A three-member trial board found the 19-year veteran not guilty of the most serious administrative charges of using excessive force and language, but found him guilty of failing to write a report and fill out a citizen-contact form. The panel recommended that he be suspended for six days and lose six days of leave.
But then-Commissioner Frederick H. Bealefeld III rejected the recommendation and fired the officer. He had the authority to escalate punishment as long as he stayed within guidelines. The infraction of failing to write a report gave him the widest discretion — from no punishment to termination.
The law’s provision that governs suspensions sparked outrage in September, when the public learned that a patrol officer was caught on a city surveillance camera repeatedly punching a man at a bus shelter on North Avenue. The incident occurred in June, but police leaders did not see the video until the victim’s attorney filed a lawsuit. At the time, Batts could only order a suspension with pay.
Anger grew when the public learned that the officer remained on the street for months because an Internal Affairs supervisor did not alert police leaders. The video also showed that one officer restrained the victim during the beating and other officers did not intervene.
In October, as the Police Department released a plan to reduce brutality, Batts criticized the state law’s restrictions on his disciplinary power.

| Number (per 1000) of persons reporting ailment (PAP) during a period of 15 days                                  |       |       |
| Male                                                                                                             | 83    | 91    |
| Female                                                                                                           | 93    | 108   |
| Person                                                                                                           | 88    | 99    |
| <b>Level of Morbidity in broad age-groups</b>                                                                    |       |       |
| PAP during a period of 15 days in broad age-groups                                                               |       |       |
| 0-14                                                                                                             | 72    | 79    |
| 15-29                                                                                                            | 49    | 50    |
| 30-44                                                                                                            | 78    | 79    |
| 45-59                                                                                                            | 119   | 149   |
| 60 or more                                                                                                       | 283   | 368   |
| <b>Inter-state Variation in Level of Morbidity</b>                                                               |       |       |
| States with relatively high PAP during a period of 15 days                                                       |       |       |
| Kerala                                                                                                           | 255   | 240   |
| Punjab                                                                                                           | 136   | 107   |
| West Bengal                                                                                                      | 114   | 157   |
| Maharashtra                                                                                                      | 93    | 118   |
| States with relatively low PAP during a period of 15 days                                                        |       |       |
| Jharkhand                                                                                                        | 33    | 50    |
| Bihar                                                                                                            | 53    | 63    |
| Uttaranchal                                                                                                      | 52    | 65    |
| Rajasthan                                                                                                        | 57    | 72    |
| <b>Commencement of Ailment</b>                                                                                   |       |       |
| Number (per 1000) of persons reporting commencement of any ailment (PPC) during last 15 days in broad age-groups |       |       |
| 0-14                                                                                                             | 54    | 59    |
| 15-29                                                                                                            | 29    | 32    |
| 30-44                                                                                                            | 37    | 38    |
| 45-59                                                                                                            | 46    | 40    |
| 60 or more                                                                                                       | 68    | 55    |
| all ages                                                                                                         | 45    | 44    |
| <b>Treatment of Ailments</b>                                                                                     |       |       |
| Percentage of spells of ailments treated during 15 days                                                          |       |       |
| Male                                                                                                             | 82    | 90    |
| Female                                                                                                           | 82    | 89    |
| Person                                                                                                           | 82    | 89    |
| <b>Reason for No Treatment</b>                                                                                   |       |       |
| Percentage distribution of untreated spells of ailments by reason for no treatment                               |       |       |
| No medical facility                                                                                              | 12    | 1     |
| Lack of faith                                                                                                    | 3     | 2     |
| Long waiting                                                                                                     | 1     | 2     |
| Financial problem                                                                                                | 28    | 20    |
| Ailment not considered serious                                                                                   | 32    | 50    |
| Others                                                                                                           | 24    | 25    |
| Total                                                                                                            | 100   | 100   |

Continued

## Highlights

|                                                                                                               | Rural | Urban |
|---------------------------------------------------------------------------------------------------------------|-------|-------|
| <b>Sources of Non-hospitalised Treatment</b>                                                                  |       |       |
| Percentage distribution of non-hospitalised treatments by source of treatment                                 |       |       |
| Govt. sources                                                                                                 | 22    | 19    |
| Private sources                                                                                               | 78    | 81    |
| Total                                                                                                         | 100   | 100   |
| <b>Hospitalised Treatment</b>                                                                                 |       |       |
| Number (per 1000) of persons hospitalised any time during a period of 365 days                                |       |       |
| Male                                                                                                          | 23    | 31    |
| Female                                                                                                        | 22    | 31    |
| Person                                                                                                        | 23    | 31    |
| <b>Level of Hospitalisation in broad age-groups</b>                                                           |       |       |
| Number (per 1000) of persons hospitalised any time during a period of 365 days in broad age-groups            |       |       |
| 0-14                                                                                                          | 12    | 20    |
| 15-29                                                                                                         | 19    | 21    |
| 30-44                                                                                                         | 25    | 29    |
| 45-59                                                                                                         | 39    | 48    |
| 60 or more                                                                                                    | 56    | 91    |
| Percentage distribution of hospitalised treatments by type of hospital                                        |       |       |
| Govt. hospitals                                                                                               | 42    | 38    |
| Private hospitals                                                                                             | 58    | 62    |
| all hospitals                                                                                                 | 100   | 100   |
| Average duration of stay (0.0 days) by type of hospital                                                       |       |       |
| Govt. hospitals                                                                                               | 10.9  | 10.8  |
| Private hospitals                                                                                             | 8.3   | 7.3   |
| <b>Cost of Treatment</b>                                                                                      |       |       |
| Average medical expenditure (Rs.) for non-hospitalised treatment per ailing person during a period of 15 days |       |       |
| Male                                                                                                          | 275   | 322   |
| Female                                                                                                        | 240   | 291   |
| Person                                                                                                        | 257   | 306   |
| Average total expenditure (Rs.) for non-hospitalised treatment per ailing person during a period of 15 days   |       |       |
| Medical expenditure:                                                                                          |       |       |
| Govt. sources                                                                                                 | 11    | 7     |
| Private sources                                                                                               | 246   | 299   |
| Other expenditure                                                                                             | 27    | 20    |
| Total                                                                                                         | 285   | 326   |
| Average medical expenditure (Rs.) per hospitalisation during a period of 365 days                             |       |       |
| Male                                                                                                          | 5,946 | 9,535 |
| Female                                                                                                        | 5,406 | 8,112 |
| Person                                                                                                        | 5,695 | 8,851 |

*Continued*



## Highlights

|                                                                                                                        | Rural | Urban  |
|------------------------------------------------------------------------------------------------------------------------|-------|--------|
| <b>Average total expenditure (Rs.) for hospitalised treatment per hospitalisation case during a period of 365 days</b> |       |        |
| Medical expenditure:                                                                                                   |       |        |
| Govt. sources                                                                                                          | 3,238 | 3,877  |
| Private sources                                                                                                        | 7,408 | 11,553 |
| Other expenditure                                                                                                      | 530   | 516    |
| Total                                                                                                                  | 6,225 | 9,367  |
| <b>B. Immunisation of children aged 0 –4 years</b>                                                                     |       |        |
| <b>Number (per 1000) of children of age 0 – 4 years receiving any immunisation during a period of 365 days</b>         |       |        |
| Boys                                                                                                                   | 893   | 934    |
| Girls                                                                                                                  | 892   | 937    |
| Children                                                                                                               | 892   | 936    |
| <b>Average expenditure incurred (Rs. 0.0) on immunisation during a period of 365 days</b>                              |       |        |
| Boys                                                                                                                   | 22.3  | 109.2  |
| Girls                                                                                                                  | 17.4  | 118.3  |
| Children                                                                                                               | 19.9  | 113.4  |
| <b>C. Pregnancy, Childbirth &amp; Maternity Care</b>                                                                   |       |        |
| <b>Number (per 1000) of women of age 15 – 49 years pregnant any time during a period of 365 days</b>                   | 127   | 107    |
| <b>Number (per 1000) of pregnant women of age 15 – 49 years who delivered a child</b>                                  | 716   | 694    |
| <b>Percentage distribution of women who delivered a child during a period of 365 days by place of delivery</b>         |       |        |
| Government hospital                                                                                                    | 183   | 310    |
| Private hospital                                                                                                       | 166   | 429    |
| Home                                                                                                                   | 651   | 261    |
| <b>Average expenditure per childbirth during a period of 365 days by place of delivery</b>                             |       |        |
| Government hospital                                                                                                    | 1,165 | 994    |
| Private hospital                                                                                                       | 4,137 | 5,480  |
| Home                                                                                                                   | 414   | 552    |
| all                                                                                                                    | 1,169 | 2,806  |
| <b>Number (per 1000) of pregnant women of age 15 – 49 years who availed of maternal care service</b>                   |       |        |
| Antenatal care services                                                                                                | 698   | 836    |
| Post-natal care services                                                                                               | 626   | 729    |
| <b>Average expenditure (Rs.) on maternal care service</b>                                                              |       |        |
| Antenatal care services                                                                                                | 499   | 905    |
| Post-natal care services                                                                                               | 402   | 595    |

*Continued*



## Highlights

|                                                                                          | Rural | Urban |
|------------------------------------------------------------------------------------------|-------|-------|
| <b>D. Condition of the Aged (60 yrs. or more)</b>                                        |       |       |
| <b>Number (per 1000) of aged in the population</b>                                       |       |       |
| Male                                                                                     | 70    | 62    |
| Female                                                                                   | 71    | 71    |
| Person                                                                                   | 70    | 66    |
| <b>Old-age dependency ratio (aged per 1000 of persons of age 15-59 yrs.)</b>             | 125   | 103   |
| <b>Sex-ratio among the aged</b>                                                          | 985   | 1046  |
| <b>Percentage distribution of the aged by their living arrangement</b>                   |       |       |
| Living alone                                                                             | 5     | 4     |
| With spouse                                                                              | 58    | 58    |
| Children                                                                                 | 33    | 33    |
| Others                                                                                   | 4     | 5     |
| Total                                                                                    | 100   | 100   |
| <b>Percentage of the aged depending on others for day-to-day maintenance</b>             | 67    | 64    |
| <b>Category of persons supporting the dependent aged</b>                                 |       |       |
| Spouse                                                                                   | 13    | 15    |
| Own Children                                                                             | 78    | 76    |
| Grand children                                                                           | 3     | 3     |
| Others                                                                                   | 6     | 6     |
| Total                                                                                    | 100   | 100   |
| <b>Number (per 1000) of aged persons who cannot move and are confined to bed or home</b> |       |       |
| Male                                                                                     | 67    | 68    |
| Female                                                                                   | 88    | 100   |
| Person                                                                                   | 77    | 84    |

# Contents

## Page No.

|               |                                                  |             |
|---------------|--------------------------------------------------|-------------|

Batts said at a news conference that the law prevents him from taking swift action when officers commit egregious misconduct. Highlighting the beating at the bus shelter, Batts noted that police leaders cannot suspend an officer without pay unless there is a felony charge. That needs to change, he said.
Yet even as the mayor calls for changes to the law, Batts recently indicated that he would take a more limited role on the issue. In November, he sent an email to the force, saying that many officers “have heard rumors” that he is working to change the police Bill of Rights.
“Let me be as clear as I can be on this matter; it is a legislative issue that is best left to the elected representatives to decide,” his message said.
“I am not taking a position on this issue and the Baltimore Police Department is not taking a position on this issue. I will not give my support to any attempt to change the law. I will not volunteer my testimony in Annapolis on this issue. I have not and will not submit any letters about my position on this issue.”
That declaration surprised Anderson, who said that Batts, in a conversation, ‘”led me to believe that he would be willing to support changes.”
Rawlings-Blake said Batts is not sending mixed messages about his position on the law. She reiterated that he needs the power to swiftly discipline officers, but carries the dual role of being an officer and commissioner.
“You have to strike the right balance,” she said. “I know that he wants the ability to question officers. There are a lot of ways for us to get to that goal.”
Baltimore Sun reporter Justin Fenton contributed to this article.
Copyright © 2015, The Baltimore Sun